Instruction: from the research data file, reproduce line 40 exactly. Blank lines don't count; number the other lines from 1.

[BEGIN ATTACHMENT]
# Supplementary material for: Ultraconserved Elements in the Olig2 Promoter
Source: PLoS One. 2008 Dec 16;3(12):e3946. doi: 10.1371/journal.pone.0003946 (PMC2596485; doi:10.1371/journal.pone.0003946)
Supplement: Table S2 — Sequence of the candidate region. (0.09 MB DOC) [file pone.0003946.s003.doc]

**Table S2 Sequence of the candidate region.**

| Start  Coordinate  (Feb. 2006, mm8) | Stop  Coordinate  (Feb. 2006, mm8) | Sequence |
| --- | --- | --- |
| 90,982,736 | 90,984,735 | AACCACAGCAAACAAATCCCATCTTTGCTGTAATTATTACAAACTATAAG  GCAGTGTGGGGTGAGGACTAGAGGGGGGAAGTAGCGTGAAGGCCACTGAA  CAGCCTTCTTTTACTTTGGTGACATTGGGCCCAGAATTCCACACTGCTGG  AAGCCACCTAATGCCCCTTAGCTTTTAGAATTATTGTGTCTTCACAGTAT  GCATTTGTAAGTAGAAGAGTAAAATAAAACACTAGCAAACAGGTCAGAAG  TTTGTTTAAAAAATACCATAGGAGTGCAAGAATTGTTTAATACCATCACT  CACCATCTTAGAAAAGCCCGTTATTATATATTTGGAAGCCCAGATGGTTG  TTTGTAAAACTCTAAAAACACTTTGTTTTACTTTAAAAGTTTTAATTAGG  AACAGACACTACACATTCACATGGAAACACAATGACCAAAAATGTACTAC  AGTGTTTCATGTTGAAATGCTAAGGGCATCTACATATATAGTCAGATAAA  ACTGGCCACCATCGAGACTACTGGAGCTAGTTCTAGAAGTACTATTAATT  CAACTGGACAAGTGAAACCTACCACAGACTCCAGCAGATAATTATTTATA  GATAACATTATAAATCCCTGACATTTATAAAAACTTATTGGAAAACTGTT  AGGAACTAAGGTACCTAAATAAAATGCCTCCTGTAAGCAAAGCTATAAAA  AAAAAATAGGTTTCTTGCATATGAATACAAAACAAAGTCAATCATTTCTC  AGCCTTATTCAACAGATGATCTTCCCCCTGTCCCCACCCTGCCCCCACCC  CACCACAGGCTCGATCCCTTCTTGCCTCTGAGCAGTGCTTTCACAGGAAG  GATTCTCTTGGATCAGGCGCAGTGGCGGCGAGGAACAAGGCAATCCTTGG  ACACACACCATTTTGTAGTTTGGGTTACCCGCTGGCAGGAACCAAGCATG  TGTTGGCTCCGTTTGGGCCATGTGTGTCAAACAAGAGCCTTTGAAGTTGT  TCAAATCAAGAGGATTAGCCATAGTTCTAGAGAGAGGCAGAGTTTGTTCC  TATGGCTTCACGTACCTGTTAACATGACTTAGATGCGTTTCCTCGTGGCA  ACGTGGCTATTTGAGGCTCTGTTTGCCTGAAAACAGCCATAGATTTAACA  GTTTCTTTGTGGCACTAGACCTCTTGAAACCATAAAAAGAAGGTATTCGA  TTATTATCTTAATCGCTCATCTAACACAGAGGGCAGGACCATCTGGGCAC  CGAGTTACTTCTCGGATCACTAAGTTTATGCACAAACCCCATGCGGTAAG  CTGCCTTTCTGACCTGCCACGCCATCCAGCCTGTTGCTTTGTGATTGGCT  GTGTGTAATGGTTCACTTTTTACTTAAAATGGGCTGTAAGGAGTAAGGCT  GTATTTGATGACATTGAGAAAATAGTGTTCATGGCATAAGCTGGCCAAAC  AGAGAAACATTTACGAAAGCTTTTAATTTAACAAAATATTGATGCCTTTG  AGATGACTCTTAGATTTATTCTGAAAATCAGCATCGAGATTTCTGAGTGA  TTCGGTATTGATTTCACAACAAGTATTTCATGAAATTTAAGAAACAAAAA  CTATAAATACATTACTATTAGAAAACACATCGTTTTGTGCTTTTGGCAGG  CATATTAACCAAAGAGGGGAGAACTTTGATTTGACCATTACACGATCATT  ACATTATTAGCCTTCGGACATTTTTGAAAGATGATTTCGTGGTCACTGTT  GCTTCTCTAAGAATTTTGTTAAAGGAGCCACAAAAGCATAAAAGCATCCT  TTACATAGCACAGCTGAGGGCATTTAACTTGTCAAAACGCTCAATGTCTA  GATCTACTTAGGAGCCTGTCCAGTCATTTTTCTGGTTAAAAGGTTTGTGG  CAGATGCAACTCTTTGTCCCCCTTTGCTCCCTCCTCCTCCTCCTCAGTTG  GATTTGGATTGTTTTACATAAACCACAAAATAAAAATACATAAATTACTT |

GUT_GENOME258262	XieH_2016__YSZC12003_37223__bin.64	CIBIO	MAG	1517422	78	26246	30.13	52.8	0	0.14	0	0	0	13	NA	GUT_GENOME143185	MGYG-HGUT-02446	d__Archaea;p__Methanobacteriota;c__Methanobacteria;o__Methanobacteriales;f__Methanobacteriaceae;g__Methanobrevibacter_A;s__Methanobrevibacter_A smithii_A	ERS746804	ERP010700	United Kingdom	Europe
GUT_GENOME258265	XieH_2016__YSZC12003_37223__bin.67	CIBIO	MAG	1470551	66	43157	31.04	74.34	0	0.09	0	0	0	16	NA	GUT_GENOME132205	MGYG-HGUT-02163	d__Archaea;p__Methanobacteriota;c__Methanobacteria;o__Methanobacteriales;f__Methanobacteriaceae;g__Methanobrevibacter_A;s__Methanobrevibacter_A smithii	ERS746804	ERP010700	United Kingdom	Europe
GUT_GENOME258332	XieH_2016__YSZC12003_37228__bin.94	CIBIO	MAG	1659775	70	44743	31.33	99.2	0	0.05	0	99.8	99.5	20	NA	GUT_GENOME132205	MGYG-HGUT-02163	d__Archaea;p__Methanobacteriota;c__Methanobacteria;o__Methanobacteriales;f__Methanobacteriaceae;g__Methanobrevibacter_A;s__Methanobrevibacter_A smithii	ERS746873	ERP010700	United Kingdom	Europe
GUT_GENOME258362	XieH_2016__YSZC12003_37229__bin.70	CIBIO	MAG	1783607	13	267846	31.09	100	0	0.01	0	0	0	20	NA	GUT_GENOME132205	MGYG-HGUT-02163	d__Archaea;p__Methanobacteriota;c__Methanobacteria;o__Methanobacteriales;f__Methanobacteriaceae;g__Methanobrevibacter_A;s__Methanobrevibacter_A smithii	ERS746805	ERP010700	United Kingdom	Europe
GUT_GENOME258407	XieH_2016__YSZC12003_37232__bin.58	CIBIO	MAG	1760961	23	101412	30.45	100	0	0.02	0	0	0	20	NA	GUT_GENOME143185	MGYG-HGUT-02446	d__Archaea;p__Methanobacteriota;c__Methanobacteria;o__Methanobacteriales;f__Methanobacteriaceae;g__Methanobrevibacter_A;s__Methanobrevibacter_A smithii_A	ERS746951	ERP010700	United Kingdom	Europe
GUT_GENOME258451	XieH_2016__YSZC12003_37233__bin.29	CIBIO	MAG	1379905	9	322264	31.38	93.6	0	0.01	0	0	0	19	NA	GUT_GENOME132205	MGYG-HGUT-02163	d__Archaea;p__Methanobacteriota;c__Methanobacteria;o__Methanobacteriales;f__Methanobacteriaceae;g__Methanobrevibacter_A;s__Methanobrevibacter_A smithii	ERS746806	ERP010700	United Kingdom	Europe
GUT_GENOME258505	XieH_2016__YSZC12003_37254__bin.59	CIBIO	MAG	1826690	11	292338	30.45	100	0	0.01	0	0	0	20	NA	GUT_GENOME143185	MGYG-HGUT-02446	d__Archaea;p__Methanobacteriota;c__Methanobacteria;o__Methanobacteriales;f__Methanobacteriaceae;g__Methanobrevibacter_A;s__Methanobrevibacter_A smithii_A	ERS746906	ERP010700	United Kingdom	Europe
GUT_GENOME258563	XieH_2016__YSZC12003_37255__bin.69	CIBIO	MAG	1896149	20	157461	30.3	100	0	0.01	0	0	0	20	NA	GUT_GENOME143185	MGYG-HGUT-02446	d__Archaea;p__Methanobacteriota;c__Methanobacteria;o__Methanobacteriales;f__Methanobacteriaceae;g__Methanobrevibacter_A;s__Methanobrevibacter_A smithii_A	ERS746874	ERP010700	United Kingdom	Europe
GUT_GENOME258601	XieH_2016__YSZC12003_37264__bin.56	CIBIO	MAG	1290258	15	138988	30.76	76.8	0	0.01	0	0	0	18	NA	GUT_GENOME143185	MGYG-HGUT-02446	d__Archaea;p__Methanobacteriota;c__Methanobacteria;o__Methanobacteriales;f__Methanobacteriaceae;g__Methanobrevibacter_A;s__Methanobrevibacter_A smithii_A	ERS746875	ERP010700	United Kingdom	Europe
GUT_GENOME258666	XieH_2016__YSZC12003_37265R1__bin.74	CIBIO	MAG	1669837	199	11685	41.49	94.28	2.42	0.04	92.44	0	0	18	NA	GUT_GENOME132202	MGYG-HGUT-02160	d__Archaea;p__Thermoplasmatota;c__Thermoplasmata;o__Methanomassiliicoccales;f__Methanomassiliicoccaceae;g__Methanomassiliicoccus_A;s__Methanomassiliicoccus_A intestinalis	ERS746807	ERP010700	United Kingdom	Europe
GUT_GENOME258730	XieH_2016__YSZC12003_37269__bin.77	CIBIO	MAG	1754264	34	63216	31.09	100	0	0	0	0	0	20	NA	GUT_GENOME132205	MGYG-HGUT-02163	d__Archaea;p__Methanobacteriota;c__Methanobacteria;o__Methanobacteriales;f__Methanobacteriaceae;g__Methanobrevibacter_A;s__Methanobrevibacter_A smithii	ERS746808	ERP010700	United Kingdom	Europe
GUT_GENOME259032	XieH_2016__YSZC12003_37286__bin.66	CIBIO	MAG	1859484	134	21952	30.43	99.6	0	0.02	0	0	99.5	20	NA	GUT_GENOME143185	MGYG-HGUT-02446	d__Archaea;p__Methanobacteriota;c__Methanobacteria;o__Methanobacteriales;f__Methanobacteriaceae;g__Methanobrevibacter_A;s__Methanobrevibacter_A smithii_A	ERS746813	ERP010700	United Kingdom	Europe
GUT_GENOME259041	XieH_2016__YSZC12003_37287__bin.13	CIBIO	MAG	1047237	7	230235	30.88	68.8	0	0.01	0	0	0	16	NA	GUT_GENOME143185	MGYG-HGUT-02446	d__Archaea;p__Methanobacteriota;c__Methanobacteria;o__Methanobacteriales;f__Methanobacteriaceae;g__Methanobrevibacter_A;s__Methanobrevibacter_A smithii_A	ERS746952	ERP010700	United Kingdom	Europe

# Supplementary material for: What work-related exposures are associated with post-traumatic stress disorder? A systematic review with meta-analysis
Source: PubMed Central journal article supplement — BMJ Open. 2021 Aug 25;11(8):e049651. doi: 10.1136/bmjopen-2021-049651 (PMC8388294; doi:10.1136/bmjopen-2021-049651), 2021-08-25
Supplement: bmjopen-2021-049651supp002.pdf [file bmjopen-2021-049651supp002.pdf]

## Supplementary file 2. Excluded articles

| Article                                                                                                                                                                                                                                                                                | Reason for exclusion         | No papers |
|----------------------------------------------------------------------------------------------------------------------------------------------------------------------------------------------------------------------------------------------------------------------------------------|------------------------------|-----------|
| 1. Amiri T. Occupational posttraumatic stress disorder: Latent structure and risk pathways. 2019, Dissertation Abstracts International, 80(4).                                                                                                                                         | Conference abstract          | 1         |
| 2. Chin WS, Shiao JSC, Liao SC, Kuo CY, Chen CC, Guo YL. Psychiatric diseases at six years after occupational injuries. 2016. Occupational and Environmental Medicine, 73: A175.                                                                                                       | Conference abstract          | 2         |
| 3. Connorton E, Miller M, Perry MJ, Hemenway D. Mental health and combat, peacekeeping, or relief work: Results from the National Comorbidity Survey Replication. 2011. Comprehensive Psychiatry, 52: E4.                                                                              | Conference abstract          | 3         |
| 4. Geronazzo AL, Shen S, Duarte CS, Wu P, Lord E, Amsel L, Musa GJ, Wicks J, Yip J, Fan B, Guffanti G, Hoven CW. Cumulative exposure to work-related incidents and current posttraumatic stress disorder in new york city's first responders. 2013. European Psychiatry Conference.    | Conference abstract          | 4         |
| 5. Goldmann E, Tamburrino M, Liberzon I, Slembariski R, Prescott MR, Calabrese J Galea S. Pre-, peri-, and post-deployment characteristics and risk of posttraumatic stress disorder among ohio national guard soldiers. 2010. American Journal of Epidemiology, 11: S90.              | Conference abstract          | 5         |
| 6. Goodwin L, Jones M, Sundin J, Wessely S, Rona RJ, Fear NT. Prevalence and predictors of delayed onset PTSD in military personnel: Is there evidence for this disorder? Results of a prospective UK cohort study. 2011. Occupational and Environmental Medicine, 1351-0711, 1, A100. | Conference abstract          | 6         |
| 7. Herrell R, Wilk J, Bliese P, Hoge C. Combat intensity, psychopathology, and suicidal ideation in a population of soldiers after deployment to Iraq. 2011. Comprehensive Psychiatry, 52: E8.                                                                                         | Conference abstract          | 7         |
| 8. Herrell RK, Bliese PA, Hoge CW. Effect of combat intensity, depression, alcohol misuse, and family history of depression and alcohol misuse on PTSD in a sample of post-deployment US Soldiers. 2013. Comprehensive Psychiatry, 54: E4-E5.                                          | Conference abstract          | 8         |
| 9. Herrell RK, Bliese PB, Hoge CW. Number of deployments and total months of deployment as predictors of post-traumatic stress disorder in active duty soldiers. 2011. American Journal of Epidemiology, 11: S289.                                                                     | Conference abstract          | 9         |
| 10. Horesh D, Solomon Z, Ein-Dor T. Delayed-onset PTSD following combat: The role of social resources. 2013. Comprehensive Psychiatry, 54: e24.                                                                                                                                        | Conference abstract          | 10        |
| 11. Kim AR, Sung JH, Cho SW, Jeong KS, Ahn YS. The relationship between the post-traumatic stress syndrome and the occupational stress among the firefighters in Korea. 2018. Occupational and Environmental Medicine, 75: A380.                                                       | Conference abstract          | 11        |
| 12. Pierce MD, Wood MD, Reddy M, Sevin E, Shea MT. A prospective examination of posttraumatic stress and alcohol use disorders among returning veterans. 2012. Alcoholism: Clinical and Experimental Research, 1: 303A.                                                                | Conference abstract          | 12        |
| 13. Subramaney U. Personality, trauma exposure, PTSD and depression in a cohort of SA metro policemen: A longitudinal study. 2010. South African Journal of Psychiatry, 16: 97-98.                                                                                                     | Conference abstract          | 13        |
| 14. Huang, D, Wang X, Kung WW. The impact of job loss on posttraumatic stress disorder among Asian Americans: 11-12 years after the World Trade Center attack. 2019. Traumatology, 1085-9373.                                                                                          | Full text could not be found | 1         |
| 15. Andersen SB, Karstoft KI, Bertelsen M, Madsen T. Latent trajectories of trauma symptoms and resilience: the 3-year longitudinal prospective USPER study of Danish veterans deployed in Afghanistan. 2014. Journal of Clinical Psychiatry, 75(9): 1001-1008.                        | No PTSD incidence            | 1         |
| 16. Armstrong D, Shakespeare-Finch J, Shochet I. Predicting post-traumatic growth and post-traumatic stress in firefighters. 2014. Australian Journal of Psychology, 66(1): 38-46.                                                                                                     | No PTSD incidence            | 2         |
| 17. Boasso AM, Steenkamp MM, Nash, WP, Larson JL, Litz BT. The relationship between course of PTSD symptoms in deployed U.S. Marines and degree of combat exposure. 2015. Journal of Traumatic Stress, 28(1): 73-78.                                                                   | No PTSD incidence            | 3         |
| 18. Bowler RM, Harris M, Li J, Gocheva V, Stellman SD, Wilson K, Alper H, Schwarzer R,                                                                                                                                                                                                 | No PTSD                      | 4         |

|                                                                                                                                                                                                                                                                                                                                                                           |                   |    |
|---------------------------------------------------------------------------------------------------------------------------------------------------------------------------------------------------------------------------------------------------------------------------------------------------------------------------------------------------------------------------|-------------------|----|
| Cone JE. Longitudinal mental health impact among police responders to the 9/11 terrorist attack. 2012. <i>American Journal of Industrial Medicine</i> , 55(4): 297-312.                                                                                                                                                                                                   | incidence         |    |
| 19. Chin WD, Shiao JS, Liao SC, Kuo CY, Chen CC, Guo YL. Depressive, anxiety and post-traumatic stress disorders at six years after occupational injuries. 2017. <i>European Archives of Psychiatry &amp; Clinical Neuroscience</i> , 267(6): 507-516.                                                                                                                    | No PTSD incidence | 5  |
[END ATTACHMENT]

| 14. Huang, D, Wang X, Kung WW. The impact of job loss on posttraumatic stress disorder among Asian Americans: 11-12 years after the World Trade Center attack. 2019. Traumatology, 1085-9373.                                                                                          | Full text could not be found | 1         |